When It Comes to Spine Surgery: Go with Your Gut

As a surgeon in practice for more than two decades, I can quickly identify people who come to me for surgical advice because someone told them they should, not because they truly believe surgery will be effective for them. Though this doesn't happen often, when it does, I take the time to have a candid conversation about how important it is to "Go With Your Gut," as the saying goes.

concept of person thinking with question marks above their headI could go on for hours, days even, about how effective minimally invasive spine surgery can be for the right candidate, but if that candidate doesn't truly believe they will benefit from it, a host of negative outcomes can arise. So, if you're considering spine surgery and are not quite sure whether you're making the right choice, here are a few questions and some advice that I hope will help you make the best decision—for you.

Is Surgery Your First Attempt at Addressing Your Spine Condition?

It shouldn't be. For most people, surgery should be a last resort for correcting a spinal condition. With today's advances in medicine and technology, there are a significant number of non-surgical treatment options to address a majority of spinal problems. Trying other alternatives first is important and gives you a better baseline for understanding what your body responds to before you set foot in a surgeon's office.

Did You Get a Second Opinion?

Medicine has specialty categories for a reason. If you've received the recommendation that surgery is your next best option for correcting your spinal condition, consider the source. Whether it's advice from a general or orthopedic practitioner or a surgeon, obtaining more than one opinion is a good idea.

First, it helps you feel as though you've done your homework. But more importantly perhaps, it can help you decided whether the practitioner you're currently seeing is open to having his or her recommendations reviewed by a peer.

If you have a doctor who is upset by your request for a second opinion, it may be time to consider switching doctors.

Are You Fully Informed?

Whether minimally invasive or not, spinal surgery is still surgery. Moreover, it requires of patients, not only their surgeons, a significant commitment to post-operative rehabilitation and management.

If surgery is the way to go for your condition, make sure you're fully informed and have all of your questions answered about the pre-operative, surgical, and post-operative elements of the procedure you're considering and the commitments you will be required to make in order for it to be a success.  Then think critically and realistically about whether these are commitments you will be able to make.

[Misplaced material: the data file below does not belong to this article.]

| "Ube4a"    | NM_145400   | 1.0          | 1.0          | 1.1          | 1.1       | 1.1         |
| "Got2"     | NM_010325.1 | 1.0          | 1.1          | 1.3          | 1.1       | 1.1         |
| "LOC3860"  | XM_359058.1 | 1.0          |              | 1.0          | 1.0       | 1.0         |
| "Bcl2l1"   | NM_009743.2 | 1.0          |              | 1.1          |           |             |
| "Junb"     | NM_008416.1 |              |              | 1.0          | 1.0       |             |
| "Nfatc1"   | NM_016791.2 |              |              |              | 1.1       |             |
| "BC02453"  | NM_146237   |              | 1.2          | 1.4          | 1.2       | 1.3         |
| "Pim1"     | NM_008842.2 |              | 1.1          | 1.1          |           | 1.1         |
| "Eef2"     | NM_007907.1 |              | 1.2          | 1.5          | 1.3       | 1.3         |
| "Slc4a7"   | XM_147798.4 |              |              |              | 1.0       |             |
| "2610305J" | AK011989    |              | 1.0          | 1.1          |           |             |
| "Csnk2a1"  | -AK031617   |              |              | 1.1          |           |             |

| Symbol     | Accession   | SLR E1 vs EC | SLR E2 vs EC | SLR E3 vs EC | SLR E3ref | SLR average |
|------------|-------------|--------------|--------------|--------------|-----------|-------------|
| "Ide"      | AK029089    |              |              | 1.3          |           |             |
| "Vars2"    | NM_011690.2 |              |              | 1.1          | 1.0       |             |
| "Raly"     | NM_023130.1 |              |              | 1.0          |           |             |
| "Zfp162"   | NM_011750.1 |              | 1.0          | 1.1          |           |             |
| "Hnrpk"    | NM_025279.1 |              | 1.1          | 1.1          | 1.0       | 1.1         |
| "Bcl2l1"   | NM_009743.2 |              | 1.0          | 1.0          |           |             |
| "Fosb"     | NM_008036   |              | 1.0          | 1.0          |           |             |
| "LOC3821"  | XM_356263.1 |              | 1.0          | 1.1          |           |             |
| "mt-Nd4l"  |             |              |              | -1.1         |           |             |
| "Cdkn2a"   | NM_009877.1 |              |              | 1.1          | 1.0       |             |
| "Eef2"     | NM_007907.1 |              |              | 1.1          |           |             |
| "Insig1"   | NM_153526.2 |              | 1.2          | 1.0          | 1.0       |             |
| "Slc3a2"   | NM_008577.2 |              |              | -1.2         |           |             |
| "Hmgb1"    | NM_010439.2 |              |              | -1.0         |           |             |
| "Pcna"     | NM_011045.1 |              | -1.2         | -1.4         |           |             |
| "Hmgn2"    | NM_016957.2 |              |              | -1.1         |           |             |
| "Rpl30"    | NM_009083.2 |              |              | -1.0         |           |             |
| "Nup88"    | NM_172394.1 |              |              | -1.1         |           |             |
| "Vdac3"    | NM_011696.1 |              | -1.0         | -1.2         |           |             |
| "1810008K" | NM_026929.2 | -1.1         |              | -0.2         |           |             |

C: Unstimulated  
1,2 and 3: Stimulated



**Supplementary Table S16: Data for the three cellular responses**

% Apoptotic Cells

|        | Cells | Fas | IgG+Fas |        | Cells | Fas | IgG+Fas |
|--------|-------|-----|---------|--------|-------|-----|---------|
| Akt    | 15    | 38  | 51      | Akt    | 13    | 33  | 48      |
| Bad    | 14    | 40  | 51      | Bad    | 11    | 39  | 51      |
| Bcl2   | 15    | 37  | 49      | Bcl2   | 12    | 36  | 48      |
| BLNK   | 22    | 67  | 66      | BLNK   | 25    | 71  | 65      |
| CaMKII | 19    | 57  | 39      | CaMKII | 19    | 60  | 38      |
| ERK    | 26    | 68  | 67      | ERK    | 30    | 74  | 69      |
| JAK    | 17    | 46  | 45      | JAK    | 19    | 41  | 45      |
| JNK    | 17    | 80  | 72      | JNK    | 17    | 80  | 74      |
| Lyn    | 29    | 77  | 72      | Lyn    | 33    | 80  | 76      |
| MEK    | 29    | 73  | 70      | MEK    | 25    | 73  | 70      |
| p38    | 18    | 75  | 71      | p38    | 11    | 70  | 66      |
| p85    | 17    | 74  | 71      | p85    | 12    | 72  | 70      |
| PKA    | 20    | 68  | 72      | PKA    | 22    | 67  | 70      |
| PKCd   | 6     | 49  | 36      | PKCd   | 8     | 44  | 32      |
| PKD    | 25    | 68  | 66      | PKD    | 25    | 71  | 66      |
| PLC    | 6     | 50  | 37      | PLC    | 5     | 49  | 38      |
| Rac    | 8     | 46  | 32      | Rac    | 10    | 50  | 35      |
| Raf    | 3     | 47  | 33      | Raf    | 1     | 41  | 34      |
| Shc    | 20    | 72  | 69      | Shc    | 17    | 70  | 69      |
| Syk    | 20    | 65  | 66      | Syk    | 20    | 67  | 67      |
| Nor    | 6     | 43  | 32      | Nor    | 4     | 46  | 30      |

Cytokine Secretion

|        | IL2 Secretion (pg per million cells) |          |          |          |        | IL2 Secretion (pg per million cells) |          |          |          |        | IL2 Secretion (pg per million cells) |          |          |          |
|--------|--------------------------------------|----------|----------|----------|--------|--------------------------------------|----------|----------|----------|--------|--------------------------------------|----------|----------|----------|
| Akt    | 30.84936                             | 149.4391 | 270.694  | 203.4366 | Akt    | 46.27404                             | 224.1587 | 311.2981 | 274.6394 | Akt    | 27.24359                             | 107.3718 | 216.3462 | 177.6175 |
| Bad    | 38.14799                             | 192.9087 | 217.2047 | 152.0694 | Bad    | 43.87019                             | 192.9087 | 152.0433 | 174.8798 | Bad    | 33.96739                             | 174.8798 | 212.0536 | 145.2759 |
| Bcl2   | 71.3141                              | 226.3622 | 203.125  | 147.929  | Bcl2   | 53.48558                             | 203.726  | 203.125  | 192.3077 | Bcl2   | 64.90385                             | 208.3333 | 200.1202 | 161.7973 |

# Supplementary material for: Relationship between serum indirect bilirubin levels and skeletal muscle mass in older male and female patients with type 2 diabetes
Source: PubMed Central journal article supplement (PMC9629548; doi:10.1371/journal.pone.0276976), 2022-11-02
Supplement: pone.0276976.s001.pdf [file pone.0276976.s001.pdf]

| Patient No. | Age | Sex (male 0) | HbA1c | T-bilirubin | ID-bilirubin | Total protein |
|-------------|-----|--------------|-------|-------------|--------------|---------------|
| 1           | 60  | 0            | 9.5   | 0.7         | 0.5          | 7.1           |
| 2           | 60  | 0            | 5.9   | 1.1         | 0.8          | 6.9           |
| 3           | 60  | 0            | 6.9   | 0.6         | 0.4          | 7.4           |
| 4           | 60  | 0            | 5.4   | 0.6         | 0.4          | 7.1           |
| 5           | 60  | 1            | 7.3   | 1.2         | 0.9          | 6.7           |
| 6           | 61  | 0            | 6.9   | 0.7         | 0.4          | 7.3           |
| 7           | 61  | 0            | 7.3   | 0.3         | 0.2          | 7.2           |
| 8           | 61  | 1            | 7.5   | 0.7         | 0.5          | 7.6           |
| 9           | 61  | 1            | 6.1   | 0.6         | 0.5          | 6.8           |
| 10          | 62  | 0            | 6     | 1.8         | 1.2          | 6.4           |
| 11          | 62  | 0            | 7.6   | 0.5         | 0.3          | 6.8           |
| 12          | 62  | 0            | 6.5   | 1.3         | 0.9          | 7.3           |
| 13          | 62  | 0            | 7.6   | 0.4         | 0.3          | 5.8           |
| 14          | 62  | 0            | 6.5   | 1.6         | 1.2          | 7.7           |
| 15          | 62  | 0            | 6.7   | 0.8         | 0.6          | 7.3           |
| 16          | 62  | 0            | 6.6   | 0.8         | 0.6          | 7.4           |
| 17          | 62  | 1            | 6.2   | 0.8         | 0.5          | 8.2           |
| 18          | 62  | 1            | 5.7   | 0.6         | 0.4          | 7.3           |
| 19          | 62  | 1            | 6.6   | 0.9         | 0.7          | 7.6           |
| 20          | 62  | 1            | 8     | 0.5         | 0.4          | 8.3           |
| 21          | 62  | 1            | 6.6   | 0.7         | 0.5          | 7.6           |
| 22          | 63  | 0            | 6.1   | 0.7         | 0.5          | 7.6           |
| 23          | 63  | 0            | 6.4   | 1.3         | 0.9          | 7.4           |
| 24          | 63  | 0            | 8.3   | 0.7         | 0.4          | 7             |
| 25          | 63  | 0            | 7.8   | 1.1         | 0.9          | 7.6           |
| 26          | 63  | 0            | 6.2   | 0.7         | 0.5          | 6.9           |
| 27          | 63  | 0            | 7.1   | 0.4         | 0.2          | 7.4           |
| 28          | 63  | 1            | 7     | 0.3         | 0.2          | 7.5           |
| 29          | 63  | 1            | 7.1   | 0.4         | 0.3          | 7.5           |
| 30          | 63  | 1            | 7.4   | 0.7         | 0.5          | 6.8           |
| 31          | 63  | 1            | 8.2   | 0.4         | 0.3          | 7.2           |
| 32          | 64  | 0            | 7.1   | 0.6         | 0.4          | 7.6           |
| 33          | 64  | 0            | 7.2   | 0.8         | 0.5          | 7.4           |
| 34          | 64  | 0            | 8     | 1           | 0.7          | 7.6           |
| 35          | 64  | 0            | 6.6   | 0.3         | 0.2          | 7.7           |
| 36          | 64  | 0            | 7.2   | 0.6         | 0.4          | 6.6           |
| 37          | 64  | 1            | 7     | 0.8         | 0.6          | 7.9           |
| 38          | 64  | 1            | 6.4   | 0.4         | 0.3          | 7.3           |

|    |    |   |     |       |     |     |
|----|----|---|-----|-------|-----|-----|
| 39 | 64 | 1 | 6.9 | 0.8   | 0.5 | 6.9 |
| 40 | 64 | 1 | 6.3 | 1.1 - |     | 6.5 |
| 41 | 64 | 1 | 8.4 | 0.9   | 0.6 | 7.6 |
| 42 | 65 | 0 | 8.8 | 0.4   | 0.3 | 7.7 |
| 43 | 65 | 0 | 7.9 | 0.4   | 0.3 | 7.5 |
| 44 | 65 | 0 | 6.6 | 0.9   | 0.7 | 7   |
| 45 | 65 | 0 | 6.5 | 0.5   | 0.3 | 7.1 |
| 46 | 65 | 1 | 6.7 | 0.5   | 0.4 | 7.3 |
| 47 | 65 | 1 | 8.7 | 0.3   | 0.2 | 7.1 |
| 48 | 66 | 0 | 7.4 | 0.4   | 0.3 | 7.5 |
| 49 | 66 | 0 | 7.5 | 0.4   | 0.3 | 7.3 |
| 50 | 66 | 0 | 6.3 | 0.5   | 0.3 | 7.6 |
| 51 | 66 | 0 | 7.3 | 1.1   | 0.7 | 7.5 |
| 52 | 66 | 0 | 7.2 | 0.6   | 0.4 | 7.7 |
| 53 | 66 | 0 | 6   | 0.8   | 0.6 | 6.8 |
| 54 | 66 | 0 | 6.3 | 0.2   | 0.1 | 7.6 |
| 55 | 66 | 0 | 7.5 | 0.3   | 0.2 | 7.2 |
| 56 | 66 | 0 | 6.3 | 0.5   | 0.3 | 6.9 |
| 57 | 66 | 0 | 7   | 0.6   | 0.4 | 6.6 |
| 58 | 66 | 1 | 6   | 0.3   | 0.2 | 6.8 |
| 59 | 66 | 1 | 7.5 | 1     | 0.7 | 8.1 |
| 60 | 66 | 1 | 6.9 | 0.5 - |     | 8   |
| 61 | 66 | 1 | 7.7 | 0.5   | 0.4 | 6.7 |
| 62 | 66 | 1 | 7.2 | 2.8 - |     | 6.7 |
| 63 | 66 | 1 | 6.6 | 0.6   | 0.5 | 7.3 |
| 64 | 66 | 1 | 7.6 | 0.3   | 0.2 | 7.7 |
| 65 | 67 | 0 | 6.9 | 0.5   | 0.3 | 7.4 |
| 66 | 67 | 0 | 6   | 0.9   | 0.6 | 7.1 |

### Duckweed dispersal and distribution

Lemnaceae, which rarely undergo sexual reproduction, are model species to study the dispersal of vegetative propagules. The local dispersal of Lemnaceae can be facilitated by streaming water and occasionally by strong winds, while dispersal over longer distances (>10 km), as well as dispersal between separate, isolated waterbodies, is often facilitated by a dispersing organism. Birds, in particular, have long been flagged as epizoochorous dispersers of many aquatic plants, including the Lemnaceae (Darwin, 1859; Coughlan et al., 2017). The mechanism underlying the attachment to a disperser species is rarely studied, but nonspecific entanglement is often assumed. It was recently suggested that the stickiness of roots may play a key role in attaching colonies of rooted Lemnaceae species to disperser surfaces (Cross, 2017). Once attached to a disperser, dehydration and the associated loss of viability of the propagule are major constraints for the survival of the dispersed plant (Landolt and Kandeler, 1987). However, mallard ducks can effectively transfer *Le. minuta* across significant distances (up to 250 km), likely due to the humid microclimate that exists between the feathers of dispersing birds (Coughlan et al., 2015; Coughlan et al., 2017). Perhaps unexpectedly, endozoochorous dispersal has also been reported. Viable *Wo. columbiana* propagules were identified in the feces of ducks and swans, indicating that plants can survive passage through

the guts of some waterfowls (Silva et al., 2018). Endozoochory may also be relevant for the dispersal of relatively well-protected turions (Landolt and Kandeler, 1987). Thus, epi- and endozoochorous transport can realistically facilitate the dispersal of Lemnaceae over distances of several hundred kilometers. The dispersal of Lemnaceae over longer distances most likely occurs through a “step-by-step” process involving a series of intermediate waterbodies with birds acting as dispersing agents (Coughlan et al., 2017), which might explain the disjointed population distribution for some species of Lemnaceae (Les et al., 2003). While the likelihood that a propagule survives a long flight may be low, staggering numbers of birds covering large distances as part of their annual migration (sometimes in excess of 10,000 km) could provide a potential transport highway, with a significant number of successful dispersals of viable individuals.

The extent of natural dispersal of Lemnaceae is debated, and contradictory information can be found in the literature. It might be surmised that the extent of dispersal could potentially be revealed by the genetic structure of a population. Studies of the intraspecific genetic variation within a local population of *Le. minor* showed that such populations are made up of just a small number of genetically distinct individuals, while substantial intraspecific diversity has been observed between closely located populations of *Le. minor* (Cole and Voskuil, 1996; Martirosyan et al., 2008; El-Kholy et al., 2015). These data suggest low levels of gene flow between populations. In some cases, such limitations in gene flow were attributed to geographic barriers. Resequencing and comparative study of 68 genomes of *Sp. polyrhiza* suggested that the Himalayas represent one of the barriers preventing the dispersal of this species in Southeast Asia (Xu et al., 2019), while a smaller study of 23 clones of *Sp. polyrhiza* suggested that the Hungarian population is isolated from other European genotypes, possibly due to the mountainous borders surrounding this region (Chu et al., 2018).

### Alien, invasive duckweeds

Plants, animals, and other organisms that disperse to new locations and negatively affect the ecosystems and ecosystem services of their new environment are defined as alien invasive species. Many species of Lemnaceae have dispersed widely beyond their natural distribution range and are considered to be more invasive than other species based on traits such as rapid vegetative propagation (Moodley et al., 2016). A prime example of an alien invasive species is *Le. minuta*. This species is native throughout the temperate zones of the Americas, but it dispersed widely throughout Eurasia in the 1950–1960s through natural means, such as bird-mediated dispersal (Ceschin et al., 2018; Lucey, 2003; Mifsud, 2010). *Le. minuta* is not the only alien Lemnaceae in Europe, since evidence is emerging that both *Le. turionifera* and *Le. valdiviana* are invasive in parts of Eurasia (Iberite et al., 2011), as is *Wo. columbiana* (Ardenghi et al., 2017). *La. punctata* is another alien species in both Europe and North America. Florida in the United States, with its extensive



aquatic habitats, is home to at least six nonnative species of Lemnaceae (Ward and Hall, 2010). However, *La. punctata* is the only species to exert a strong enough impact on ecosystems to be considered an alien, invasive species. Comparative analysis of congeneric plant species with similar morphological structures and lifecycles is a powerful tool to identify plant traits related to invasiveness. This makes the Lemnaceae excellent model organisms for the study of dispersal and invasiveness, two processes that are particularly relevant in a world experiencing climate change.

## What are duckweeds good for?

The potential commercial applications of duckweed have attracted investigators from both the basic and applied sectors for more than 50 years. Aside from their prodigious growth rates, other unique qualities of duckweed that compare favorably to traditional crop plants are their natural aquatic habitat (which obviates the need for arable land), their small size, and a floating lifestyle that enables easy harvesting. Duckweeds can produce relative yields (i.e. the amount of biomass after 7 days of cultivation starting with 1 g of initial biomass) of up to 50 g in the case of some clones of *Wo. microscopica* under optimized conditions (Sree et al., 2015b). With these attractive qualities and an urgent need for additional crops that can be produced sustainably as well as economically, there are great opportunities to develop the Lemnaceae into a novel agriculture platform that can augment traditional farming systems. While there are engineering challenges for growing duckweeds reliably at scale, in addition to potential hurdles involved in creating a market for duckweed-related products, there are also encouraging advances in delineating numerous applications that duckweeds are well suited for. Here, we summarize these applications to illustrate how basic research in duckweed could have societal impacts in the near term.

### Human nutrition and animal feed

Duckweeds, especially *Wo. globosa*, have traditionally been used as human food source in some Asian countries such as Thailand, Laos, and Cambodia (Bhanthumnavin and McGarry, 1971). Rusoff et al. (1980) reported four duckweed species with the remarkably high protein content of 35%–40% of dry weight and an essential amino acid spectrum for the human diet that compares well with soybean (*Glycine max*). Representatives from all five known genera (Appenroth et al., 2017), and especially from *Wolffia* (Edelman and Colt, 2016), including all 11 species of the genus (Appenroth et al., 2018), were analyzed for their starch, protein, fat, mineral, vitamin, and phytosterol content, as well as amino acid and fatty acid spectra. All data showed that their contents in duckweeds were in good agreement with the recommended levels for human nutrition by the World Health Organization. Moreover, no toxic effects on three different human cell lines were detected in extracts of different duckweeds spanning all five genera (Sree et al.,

When applicable, I often encourage prospective patients to discuss the surgical experience and rehab process with patients who have undergone the same procedure. This can help give a sense of "what to expect and when to expect it" that is better than any advice a surgeon can directly give.

Do You Believe in Your Surgeon?

Though I've saved this one for last, it is by far the most important.

After you've done your due diligence and answered the above three questions to your satisfaction, the decision to undergo surgery really boils down to whether you believe the surgeon you're considering is the best one for the job.

Does he or she have the credentials and track record you want in a surgeon? Can you speak with him or her candidly and honestly? Is he or she able to answer your questions clearly, even if it's the 10th time you've asked them, without annoyance or hesitation?

Yes, most of us spine surgeons perform successful surgical procedures on a daily basis. But that doesn't mean we should treat your case as though it's just another in the stack. Each person is as unique as the way their spinal condition and lifestyle factors present themselves. The right surgeon is the one who treats yours as if he has thought it through critically and is making the best recommendation for your unique needs.

Though this is by no means a complete list of questions you should consider asking before deciding whether spinal surgery is the right next step for you, I hope it is a good foundation for starting off.

Of course, even when you're not 100% certain of your decision, go with your gut. The health of your spine is far too important to make a surgical decision lightly or without complete conviction that it is the right, best and most appropriate decision—for you.